A U.N. report condemned the Zimbabwe government for destroying urban slums in a “disastrous venture” that has left 700,000 people homeless or jobless and demanded that those responsible be punished, according to excerpts obtained late Thursday.
The report, to be released Friday morning, said a further 2.4 million people have been affected in varying degrees by the countrywide campaign in which thousands of shantytowns, ramshackle markets and makeshift homes have been demolished.
Operation Murambatsvina, or Drive Out Trash, has been “carried out in an indiscriminate and unjustified manner, with indifference to human suffering,” said the report’s executive summary, obtained by The Associated Press.
The report, using language unusually harsh for the United Nations, called for the government to stop the destruction immediately. It said the operation clearly violated international law.
It did not assign blame for the destruction, saying only that it was launched on the advice of a few people who were not identified. Yet, it suggests that the act might qualify as a crime against humanity and urged Zimbabwe to prosecute those responsible.
Mugabe defends operation
President Robert Mugabe’s government has defended the operation as an urban cleanup drive, and has promised to help the displaced rebuild. Zimbabwe’s opposition says it is aimed at breaking up its strongholds among the urban poor and forcing them into rural areas where they can be more easily controlled by chiefs sympathetic to the government.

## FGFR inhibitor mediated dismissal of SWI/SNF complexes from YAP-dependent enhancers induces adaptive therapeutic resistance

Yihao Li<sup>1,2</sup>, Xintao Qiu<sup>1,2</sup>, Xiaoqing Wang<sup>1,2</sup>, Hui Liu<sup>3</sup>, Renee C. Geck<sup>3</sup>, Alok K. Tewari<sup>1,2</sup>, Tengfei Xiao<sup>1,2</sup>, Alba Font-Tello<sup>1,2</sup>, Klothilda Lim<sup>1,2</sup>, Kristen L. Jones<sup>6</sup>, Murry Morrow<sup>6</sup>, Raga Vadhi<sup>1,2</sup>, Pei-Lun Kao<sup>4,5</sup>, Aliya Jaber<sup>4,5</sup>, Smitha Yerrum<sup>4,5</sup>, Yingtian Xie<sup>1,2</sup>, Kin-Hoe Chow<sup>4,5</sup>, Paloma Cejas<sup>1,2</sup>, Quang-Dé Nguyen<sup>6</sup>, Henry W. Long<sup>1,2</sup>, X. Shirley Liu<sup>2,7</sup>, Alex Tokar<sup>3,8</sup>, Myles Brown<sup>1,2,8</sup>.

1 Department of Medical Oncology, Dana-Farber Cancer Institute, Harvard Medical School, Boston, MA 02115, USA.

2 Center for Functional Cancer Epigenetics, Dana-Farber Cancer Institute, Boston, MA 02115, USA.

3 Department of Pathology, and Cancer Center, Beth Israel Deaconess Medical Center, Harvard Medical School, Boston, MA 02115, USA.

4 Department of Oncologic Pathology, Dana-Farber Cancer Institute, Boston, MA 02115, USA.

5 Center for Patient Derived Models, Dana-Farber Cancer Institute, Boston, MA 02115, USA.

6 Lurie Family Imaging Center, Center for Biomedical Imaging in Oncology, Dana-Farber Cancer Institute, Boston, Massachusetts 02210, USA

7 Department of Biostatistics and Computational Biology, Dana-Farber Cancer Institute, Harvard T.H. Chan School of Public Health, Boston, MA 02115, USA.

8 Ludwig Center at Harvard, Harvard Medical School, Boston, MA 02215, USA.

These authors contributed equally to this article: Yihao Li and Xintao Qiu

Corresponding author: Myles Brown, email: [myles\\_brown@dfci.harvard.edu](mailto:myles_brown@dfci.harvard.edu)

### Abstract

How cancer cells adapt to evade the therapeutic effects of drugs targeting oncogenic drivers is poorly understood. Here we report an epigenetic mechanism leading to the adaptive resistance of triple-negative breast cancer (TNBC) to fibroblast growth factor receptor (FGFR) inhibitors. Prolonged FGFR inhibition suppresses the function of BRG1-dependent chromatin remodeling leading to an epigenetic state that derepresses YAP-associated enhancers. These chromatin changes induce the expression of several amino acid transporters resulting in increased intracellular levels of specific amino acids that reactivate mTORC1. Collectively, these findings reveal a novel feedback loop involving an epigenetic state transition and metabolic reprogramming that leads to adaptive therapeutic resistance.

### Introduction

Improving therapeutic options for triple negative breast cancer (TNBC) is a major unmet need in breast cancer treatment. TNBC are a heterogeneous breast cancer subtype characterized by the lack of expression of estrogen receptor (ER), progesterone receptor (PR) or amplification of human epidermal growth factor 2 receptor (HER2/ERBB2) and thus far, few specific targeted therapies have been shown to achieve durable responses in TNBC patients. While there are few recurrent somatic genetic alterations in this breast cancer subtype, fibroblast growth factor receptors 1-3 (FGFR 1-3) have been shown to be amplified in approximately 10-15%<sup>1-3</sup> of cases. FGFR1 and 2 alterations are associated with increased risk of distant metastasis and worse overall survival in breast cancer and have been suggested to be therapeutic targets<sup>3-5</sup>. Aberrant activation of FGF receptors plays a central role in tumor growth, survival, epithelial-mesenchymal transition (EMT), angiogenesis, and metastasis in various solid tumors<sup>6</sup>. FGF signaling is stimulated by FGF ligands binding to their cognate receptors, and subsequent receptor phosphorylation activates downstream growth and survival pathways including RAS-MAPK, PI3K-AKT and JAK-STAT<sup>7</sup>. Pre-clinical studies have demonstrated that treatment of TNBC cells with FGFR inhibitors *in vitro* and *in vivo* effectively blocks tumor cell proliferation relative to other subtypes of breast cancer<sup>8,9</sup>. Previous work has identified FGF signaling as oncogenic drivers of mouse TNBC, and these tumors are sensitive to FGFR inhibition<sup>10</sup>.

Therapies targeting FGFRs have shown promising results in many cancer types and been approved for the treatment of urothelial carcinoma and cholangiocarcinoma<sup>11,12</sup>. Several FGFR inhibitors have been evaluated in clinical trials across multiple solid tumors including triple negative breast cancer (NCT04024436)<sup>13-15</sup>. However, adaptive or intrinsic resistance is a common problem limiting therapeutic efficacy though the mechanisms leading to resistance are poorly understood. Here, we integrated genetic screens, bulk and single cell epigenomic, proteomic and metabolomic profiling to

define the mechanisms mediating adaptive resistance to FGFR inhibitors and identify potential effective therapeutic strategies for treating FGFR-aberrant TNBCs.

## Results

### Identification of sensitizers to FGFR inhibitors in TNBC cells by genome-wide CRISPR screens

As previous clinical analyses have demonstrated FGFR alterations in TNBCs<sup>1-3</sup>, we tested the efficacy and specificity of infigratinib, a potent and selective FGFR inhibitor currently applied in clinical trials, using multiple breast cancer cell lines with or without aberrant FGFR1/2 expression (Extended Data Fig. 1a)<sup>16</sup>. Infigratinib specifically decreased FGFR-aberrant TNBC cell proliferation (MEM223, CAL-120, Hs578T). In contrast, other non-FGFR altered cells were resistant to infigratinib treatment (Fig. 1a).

But the report said that even if the operation is an urban cleanup drive, the campaign — which some have called Operation Restore Order — has been a “crash” operation that will take years for Zimbabwe to recover from.
“Even if motivated by a desire to ensure a semblance of order in the chaotic manifestations of rapid urbanization and rising poverty characteristic of African cities, nonetheless Operation Restore Order turned out to be a disastrous venture,” the report said.
While not outright demanding one, it suggests that an independent inquiry could help determine if there was criminal negligence leading to any deaths. The government has been given an advance copy of the report but has made no public comment so far.
Zimbabwe promises homes by 2008
Zimbabwe has pledged $325 million to provide 1.2 million houses or building plots by 2008 but the report said economists have expressed doubt that the government can afford such a project at a time when Zimbabwe is wracked by triple-digit inflation and in the throes of a severe food crisis.
The report was compiled by U.N. Secretary-General Kofi Annan’s special envoy, Anna Tibaijuka, who spent two weeks in Zimbabwe studying the effects of the campaign. She delivered the report to Annan earlier this week.
Tibaijuka, the Tanzanian head of Nairobi-based U.N. Habitat which deals with the plight of cities, has said she would immediately dispatch an officer to help Zimbabwe meet its housing needs.
In the report, she called for a massive international humanitarian operation to help the masses of poor people left without housing or jobs.